45% of Goa men are current gamblers; casinos not popular among locals: Study
Nearly half of the men in Goa engage in some form of gambling and are current gamblers, a first-of-its-kind comprehensive study on the prevalence of gambling conducted in the coastal state has revealed.
The study was conducted by non-government organisation Sangath and 1514 men responded to the survey questionnaire. The population-based sample was selected based on electoral rolls, and participants were selected at random from eligible households.
It was published in the Asian Journal of Psychiatry recently.
Lotteries and matka, a banned but nonetheless popular form of gambling in Maharashtra and Goa involving small bets, are the most popular forms, according to the study, which focussed on the prevalence and associated side effects of gambling.
Interestingly, the presence of casinos in the state which permit ‘legal’ gambling appears to have no impact on the local populace with only 1.1% of survey respondents admitting that they visited casinos regularly (at least once a month).
According to the study, 49.9% of participants reported engaging in gambling behaviours at least once in their lifetime while 45.4% reported current gambling or in the past 12 months.
“We found a high prevalence of current gamblers in the sample, with close to half (45.4%) reporting engaging in some kind of gambling activity, and one-third of those who gamble engaging in multiple forms of gambling,” the study reveals.
“We also found that lifetime and current gambling are associated with work-related problems, interpersonal violence, tobacco use and alcohol use disorders; and additionally, current gambling is associated with rural residence,” it said.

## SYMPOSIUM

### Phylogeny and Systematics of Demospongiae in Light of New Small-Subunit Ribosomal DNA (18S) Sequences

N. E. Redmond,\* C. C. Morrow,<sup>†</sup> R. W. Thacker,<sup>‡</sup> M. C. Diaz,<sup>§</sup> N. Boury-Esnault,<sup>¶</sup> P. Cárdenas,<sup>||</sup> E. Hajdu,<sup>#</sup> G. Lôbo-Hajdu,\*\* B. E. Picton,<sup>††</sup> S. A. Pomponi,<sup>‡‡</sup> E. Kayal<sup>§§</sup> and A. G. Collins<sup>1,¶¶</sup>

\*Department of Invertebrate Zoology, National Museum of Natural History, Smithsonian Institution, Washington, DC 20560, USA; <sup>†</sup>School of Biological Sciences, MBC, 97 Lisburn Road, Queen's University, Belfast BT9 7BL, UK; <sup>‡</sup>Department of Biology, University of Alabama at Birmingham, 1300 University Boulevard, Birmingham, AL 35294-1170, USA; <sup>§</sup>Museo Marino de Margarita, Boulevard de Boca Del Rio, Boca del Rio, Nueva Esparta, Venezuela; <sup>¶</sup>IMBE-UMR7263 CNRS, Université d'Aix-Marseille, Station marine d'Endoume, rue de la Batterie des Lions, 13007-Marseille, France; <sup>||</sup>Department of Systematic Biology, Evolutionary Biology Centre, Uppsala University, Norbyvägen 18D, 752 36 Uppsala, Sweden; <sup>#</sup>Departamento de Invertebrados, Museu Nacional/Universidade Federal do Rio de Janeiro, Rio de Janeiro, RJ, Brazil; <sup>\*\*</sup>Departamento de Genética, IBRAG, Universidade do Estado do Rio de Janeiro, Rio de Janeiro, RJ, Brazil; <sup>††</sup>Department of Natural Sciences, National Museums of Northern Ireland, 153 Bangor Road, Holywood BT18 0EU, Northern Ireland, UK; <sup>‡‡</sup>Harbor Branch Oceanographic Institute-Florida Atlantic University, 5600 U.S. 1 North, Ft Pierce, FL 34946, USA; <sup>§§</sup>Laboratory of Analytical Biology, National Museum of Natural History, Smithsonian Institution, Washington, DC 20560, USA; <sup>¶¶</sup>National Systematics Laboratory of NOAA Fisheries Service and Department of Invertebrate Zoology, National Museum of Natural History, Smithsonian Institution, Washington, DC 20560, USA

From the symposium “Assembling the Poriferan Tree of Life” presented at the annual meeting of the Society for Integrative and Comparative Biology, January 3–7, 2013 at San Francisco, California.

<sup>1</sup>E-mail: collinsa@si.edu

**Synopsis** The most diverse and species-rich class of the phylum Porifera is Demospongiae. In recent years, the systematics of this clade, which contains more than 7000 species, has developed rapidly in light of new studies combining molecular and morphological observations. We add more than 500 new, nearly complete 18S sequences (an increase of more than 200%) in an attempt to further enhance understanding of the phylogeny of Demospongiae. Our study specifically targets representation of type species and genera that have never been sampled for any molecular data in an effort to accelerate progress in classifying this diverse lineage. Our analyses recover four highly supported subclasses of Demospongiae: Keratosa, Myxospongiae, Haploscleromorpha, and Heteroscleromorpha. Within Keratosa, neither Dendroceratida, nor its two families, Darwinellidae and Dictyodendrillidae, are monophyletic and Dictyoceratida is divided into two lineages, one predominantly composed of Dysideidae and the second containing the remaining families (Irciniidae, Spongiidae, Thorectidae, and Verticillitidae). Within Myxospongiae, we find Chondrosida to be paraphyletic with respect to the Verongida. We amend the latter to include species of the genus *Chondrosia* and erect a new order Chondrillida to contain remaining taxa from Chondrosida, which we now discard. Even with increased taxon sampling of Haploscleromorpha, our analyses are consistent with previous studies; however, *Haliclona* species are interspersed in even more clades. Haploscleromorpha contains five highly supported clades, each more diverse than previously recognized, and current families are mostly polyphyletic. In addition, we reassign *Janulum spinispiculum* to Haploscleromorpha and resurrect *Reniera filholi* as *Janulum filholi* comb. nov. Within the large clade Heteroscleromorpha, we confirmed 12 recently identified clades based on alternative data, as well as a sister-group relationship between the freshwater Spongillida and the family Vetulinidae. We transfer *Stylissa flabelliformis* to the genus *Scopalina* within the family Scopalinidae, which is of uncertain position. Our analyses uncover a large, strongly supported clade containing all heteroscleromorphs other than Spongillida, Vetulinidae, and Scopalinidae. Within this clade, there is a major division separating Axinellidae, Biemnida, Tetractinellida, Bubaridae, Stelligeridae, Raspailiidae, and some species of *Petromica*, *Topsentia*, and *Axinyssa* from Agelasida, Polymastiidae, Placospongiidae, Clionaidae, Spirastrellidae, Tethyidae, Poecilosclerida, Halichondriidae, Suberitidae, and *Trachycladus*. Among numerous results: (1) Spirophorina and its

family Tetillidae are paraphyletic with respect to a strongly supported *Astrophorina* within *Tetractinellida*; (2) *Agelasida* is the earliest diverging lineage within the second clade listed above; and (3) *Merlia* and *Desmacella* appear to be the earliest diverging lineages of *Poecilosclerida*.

The most common form of gambling was the lottery at 67.8% and the highest frequency of gambling activity was matka, with approximately 39.5% participants engaging in the activity at least once to thrice a week. Other popular forms of gambling were card and dice games involving money and betting on sports outcomes.
Dr Abhijit Nadkarni, who mentored the study, has however cautioned that all those who gamble need not be “problematic gamblers”.
“We looked at the presence of gambling in Goa and not just problematic gambling. So if 50% men in Goa like gambling it doesn’t mean that all of them are problematic gamblers,” Nadkarni said.
“You would find similar numbers if you did a survey of alcohol consumption among men. Around 50% of adult men in Goa drink but this doesn’t mean that they are problematic drinkers,” he added.
Instead, what concerns the researchers is the ease of access to gambling, especially matka.
“While the big focus is on casinos, what goes under the radar is the form of gambling ‘matka’, which a certain kind of socio-demographic from the lower strata has access to,” Dr Nadkarni said.
“They get affected more because even if the loss is small, it diverts from a small pot of household money into this and it makes an impact on education and health expenses,” he said.
Some forms of gambling are legal in Goa, including state-run lotteries and privately-run off-shore and land-based casinos. The former fall under the jurisdiction of the Directorate of Small Savings and Lotteries in Goa and its revenue is channelled to social welfare causes in the state.
The latter have served to boost Goa’s tourism industry, with an expanding casino market—there are 15 operational casinos—seeing around 15,000 visitors every day.
Gambling behaviours and their associated impact mimic those of other addictions: loss of control, tolerance to the level of activity, withdrawal symptoms, and negative consequences at an individual and broader level.
Researchers believe that the prevalence of gambling is strongly related to access and parts of the country that have similar access to such activities would throw up similar results.
“In India, the public response to gambling has been largely shaped by moral and legal perspectives which undermine other perspectives, particularly a clinical one especially considering that help-seeking for addictions and accessible formal sources of help are minimal,” the researchers, who included Urvita Bhatia Bhargav Bhat and Sanju George, said.
“There is a need to examine explanatory models and pathways to help reduce unmet needs of the target population; a greater understanding of the short and long-term burden of gambling on a range of outcomes; and mechanisms that can be targeted in prevention and treatment programs,” they said.
“This accumulated evidence needs to be used to influence the decision-making of clinical practitioners as well as policymakers.”